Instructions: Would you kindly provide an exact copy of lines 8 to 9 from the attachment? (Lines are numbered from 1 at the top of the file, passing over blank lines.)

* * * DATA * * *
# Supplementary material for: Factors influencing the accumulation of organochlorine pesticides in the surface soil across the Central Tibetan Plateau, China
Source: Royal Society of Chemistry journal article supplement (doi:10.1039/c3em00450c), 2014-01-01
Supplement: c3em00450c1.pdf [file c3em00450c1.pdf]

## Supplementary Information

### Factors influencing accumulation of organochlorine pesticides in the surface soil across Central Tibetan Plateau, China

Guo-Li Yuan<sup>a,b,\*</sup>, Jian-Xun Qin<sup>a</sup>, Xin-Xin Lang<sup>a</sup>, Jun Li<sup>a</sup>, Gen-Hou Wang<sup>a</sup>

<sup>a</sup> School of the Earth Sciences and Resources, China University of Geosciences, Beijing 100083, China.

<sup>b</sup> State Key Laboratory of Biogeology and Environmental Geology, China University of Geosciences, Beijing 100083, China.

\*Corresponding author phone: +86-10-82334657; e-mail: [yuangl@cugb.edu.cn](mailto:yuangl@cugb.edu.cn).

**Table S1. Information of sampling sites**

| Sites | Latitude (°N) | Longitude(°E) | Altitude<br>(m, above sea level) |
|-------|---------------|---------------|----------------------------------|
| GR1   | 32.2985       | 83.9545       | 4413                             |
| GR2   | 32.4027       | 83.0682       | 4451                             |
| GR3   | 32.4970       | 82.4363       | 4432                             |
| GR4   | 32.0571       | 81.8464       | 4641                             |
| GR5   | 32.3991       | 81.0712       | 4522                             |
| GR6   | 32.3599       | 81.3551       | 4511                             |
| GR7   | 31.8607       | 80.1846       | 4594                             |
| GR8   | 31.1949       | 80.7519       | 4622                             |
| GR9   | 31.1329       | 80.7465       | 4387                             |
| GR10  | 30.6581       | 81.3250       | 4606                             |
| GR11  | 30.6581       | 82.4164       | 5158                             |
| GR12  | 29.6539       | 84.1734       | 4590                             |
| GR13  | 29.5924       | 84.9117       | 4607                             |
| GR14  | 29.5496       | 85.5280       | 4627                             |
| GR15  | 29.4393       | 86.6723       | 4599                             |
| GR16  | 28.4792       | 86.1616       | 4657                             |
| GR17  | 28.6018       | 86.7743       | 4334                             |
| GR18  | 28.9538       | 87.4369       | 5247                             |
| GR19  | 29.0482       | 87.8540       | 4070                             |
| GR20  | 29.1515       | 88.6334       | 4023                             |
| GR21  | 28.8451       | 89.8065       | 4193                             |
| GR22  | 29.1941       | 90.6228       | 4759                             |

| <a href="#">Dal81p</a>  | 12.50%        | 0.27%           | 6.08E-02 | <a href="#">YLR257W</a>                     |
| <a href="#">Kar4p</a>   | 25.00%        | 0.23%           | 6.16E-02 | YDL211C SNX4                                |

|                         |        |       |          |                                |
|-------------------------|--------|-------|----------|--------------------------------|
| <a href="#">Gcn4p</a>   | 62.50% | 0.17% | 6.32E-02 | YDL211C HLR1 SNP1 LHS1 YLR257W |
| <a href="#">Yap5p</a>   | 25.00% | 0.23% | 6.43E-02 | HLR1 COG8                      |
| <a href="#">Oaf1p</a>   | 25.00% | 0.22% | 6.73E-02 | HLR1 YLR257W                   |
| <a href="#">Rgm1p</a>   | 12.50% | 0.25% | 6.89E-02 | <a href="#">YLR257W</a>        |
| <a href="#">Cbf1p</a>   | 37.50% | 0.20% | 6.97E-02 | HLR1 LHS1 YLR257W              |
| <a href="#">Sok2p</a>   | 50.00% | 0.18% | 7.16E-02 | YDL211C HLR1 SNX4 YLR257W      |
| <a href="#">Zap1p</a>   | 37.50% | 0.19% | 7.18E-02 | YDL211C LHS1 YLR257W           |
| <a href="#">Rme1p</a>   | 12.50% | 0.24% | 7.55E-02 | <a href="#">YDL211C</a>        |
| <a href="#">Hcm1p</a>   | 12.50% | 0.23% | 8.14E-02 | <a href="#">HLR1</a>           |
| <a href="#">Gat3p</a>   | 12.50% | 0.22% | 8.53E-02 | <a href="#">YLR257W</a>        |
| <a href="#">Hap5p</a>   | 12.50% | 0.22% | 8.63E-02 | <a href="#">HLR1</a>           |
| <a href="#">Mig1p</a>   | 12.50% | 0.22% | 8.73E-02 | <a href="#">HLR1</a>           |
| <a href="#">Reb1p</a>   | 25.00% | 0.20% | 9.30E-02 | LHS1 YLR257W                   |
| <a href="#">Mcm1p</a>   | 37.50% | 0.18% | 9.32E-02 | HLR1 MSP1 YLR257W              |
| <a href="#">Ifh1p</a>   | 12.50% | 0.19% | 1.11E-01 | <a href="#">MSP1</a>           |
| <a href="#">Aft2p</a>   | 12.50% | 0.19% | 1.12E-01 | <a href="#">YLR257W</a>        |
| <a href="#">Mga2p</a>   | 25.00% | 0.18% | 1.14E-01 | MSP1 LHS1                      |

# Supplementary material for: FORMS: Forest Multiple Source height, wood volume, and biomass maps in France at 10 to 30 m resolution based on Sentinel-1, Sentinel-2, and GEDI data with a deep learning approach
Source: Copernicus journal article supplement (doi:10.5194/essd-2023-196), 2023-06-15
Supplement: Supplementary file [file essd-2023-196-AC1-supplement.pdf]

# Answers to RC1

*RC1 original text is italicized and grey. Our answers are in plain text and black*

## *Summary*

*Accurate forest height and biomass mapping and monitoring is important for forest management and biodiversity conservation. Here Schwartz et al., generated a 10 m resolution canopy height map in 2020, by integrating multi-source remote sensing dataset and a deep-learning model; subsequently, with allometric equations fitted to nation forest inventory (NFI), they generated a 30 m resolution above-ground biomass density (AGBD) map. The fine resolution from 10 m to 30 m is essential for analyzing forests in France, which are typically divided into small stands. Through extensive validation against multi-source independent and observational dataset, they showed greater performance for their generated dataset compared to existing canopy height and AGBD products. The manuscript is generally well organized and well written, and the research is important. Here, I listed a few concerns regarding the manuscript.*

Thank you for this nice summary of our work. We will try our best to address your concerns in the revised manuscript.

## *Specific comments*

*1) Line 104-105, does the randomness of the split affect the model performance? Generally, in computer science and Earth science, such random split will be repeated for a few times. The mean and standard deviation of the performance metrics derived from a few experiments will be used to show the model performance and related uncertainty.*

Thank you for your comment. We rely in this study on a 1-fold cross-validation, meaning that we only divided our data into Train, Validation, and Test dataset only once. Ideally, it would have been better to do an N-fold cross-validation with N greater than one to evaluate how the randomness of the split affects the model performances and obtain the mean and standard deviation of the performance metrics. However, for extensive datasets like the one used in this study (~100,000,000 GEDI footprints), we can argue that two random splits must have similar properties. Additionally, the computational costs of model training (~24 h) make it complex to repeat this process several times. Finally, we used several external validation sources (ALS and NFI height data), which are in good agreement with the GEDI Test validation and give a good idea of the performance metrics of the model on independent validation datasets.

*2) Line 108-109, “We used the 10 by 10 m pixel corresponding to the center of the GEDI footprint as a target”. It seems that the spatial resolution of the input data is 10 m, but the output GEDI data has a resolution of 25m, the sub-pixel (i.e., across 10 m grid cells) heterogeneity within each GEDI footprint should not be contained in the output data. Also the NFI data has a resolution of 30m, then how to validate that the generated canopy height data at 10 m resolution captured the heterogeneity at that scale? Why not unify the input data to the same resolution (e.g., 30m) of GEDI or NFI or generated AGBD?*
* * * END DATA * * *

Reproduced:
<sup>b</sup> State Key Laboratory of Biogeology and Environmental Geology, China University of Geosciences, Beijing 100083, China.

\*Corresponding author phone: +86-10-82334657; e-mail: [yuangl@cugb.edu.cn](mailto:yuangl@cugb.edu.cn).